Notes to Anaphora

1. For example, the beginning of the entry for “anaphora” in the Supplement to the Macmillan Encyclopedia of Philosophy (London: Macmillan, 1996) reads

The study of anaphora (from Greek, “carry back”) is the study of the ways in which occurrences of certain expressions, particularly pronouns, depend for their interpretations upon the interpretations of occurrences of other expressions.

And in The Concise Oxford Dictionary of Linguistics (Peter Matthews, New York: Oxford University Press, 1997), the entry for “anaphora” begins “The relation between a pronoun and another element, in the same or in an earlier sentence, that supplies its referent”.

2. Some people also treat presupposition as a kind of anaphora, giving a uniform treatment to both phenomena. See the SEP entry on presupposition.

3. One difference though is that the quantifiers of standard first order logic are unrestricted, whereas natural language quantifiers like “every man” are restricted (here by the nominal “man”). Still, it is easy enough to introduce a first order language with restricted quantifiers that bind variables. The pronouns in sentences like (2) and (12) function just like the bound variables of such a language.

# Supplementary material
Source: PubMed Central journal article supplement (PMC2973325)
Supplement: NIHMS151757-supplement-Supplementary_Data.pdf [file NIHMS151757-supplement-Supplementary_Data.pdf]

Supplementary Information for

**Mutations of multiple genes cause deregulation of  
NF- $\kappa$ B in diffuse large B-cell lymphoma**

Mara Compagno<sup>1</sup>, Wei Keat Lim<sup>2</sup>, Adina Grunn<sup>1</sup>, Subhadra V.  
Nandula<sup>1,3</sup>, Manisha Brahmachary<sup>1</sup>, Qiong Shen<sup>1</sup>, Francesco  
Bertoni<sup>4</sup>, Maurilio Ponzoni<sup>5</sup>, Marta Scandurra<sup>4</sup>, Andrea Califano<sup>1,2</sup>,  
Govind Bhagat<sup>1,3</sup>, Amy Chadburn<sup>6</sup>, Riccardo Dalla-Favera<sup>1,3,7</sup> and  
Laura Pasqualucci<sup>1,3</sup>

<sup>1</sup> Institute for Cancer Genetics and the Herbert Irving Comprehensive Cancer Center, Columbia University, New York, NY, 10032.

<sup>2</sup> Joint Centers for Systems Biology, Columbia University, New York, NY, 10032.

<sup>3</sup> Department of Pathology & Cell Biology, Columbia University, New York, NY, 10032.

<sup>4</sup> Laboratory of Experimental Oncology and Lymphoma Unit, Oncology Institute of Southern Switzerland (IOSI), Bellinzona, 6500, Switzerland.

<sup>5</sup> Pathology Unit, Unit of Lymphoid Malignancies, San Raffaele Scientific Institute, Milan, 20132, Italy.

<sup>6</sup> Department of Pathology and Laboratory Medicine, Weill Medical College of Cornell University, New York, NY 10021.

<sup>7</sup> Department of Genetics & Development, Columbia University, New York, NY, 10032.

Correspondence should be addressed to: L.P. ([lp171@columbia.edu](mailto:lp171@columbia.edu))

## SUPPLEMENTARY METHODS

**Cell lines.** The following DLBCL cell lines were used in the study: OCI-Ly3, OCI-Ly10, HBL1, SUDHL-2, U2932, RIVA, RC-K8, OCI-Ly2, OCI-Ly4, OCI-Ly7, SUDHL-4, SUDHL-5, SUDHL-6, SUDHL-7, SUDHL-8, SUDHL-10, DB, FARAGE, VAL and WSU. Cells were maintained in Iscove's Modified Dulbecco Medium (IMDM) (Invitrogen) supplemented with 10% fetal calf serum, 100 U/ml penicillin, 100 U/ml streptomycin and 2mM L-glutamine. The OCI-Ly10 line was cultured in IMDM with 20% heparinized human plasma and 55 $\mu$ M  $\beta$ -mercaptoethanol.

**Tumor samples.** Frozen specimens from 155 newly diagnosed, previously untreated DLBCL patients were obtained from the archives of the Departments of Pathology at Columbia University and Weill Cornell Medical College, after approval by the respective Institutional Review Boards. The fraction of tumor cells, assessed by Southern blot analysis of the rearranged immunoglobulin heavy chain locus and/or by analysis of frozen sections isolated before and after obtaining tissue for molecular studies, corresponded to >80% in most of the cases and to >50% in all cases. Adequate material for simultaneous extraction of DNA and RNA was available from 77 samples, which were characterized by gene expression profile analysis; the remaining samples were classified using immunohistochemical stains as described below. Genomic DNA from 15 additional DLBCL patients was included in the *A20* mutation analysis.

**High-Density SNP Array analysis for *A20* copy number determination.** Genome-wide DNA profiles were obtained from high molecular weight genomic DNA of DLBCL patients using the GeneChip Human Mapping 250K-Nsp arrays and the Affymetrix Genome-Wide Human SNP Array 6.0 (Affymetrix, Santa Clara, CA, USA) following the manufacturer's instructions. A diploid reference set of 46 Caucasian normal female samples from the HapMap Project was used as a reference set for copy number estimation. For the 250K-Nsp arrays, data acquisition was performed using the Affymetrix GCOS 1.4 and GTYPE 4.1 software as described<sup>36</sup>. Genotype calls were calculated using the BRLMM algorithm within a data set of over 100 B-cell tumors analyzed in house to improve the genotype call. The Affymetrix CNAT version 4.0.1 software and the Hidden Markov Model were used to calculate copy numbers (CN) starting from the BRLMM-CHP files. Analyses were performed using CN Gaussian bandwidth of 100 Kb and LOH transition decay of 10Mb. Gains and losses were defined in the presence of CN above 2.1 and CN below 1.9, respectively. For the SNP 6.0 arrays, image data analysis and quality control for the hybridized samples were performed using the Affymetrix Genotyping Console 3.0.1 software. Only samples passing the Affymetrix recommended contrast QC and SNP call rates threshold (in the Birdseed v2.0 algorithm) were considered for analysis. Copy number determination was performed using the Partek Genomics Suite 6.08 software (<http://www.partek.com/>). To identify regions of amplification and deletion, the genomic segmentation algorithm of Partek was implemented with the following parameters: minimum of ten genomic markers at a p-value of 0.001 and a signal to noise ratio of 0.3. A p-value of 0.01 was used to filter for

4. Sometimes philosophers and linguists consider conjunctions of sentences like those in (7) and (8) rather than considering the two sentence discourses. For example, Evans (1977) considers conjunctions such as “Few MPs came to the party but they had a marvelous time”. The reasons for thinking the pronouns in the second conjuncts of such conjunctions are not bound variables or referring expressions are the same as the reasons for thinking this about the pronouns in the second sentences of (7) and (8). Hence we shall talk only of discourses like (7) and (8). Also, henceforth we shall take the intended anaphoric relations in the examples to be obvious (as they are); and unless otherwise indicated we are only considering the readings of the examples on which the intended anaphoric relations obtain.